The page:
Saul Marcus, ND - Naturopathic Doctor

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Mental Illness and Toxicity

700 billions pounds of over 650 different chemicals are released into the air and water each year. The real question to ask is not if you are toxic. We all are. The real question is how toxic are we and to what degree is it interfering in our health. [1]

This page goes over some of the more common toxins that produce mental symptoms.

Heavy metal toxins


Lead affects the whole body, and especially the central nervous system. Cognitive dysfunction, neurobehavioral disorders and neurological damage are associated with lead.

Symptoms in children with high lead levels have hyperactivity, anorexia, decreased play activity, low intelligence and poor school performance. Even in children with no obvious signs of lead exposure, bone lead content was found related to fatigue, concentration, short-term memory, insomnia, anxiety, irritability, reduced performance on visual intelligence and visual-motor coordination tests. Learning disabilities have been significantly correlated with teacher rated learning disabilities.


Mental affects of mercury include: excessive irritability, excitability or sensitivity to stimulation, depression, short term memory loss, difficulty concentrating, insomnia and fatigue. Additional signs of toxicity include loss of vision, hyperreflexia, sensory disturbances, impairment of speech, hearing, and muscular rigidity.


Parkinson's disease, Alzheimer's and multiple sclerosis have all been associated with aluminum exposure. Studies have also shown that aluminum causes apoptosis (cells kill themselves).


Exposure to arsenic (such as from drinking water) can lead to gastroenteritis, cancer, diabetes, neurological and vascular dysfunction. [2]

Testing options for heavy metals

Blood serum

The body will not keep metals in the blood for long before storing them away in tissue. Therefore serum tests for metals such as lead and mercury are not useful in determining long term toxic load. Occasionally these tests may reveal a recent exposure, but they should not be used to rule out the possibility that symptoms are caused by metal toxicity.

Hair and urine

Hair analysis is not expensive, and easy to collect a sample. It does require expertise in interpretation. For example, very low levels of mercury in hair, may indicate toxicity due to the body's inability to eliminate the metal.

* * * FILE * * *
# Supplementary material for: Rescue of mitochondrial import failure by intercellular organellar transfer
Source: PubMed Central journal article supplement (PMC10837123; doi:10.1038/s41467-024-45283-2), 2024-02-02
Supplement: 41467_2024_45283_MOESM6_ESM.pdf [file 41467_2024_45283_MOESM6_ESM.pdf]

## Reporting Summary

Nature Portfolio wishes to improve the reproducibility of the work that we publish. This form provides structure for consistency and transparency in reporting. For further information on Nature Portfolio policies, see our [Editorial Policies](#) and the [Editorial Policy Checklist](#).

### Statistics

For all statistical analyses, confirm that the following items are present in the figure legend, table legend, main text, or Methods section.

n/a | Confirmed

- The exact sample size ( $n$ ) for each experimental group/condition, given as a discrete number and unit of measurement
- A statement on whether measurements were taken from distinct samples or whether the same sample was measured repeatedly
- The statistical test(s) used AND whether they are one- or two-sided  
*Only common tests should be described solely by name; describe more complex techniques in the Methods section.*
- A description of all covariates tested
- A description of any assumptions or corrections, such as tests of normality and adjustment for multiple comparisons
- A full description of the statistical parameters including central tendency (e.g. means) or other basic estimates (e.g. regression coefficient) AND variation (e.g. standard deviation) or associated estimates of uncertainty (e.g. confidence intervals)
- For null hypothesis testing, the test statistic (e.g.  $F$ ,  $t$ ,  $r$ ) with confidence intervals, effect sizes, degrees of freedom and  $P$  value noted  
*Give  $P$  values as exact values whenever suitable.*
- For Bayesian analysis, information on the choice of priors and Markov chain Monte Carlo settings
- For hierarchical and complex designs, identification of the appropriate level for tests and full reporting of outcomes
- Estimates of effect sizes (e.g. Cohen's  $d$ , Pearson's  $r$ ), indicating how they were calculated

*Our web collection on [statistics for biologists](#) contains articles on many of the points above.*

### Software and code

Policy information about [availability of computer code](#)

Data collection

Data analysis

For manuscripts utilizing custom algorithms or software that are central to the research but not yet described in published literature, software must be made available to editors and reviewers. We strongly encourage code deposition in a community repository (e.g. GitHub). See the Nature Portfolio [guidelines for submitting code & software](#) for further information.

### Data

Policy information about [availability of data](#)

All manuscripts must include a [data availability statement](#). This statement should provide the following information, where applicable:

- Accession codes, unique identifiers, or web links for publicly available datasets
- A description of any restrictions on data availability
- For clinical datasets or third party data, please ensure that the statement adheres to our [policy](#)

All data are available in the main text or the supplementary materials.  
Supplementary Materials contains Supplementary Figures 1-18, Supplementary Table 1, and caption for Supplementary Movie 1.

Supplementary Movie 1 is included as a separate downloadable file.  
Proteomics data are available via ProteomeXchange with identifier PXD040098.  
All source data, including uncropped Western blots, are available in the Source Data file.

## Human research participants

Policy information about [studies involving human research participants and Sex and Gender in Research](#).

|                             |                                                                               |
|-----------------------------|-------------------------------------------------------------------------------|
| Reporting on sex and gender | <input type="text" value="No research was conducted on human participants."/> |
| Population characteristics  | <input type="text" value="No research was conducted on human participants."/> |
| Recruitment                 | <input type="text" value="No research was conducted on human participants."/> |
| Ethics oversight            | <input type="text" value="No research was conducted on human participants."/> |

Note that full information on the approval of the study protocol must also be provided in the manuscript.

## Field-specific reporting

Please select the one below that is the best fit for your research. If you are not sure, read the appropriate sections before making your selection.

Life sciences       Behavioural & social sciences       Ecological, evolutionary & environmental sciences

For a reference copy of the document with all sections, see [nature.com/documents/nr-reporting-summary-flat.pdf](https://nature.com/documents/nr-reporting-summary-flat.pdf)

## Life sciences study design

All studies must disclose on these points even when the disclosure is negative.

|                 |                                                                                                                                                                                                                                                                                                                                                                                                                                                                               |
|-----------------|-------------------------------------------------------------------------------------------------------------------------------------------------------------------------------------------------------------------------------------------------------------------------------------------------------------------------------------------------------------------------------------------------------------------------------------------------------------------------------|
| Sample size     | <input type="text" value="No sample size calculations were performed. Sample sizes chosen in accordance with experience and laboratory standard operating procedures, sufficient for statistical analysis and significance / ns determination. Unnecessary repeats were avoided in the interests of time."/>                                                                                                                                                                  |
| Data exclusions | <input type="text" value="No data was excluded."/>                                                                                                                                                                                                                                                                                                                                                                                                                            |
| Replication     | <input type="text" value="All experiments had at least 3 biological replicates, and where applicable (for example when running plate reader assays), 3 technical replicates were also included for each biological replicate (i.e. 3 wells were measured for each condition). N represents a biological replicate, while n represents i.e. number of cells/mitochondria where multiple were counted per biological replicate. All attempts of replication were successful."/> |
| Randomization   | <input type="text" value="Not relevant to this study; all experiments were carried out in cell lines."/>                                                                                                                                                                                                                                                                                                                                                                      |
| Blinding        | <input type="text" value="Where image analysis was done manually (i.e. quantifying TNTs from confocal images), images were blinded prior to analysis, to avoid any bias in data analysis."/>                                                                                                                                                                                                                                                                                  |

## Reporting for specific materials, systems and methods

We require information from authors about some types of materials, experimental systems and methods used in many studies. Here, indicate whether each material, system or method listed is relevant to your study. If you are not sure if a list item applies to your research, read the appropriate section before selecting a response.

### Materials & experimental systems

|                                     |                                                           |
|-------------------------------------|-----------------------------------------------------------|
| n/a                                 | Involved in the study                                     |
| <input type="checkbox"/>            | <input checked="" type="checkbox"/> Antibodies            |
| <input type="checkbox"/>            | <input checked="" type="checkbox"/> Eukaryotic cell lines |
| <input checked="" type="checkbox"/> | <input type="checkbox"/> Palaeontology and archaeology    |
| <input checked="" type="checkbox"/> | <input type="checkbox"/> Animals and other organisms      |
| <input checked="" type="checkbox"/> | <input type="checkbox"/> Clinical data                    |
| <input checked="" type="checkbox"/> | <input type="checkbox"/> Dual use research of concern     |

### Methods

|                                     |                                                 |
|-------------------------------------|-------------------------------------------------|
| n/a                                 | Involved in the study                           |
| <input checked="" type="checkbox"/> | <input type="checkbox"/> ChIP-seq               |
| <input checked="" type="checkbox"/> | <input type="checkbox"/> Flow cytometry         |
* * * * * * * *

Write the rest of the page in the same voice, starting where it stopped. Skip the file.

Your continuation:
Urine only shows what the body is excreting. It's possible to be very toxic, yet not dump them out into the urine. Therefore a provoking agent (something which binds to metals and takes them out through the urine) must be used. Traditionally this has been DMSA. DMSA has two drawbacks. First it is toxic to the kidneys. Secondly, it's no longer readily available the FDA took it off the market as an over the counter drug several years ago. [3]


Porphyrins are chains of proteins found in the red blood cells. They are needed to make heme, which is the molecule that carries oxygen in blood. Lead, mercury and organic toxins have been found to inhibit specific porphyrin pathway enzymes. Testing levels of intermediates in porphyrin production can thus help determine toxic load. [4]

Porphyrin test results example

The above test, shows markers above 95th percentile which indicates a burden on the body and worth treating. Ideally porphyins should be well within the green area (not borderline green/yellow).

Although porphyrin testing is not a direct measurement for any toxin, it does help show what the burden of toxicity is on the body. Thus it is a clinically relevant test. It doesn't require a provoking agent like a urine metal test does.

Besides showing burden of heavy metals, porphyrin tests also help to show what the burden of organic pollutants such as hexachlorobenzene, dioxin, methylchloride, polyvinylechloride and polybrominated biphenyl are on the body. Persistent organic pollutants may contribute to numerous symptoms, including psychiatric. [5]

Porphyrin testing is available through practitioners who have accounts with either Genova diagnostics or Doctorsdata.

Heavy metal detoxification

There are numerous methods of detoxification. Some practitioners use intra-venous chelator such as DMSA. A chelator is something which will binds to and remove a toxin from the body. DMSA is expensive (often given as a series of I.V. treatments over a course of months), and potentially harmful to the kidneys. In addition, it's availability has recently been limited by the FDA.

Fortunately we don't need to use DMSA and other such chemical to detoxify metals. Nature has given us many great nutrients that help the body detoxify.

In my practice I combine nutritional supplements, with biotherapeutic drainage. This is effective at detoxification, without the need for harsher protocols.



[1] "We Are All Toxic!" Thorne Research, Inc. - Pure Ingredients, Trusted Results. Web. 05 Feb. 2011. <>.

[2] Lord, Richard S., J. Alexander. Bralley, and J. Alexander. Bralley. Laboratory Evaluations for Integrative and Functional Medicine. Duluth, GA: Metametrix Institute, 2008. 120-126. Print.

[3] Lord, Richard S., J. Alexander. Bralley, and J. Alexander. Bralley. Laboratory Evaluations for Integrative and Functional Medicine. Duluth, GA: Metametrix Institute, 2008. 74-77. Print.

[4] Lord, Richard S., J. Alexander. Bralley, and J. Alexander. Bralley. Laboratory Evaluations for Integrative and Functional Medicine. Duluth, GA: Metametrix Institute, 2008. 49. Print.

[5] Brown, J. S. (2013) Psychiatric Effects of Organic Chemical Exposure, in Effects of Persistent and Bioactive Organic Pollutants on Human Health (ed D. O. Carpenter), John Wiley & Sons, Inc., Hoboken, NJ, USA. doi: 10.1002/9781118679654.ch19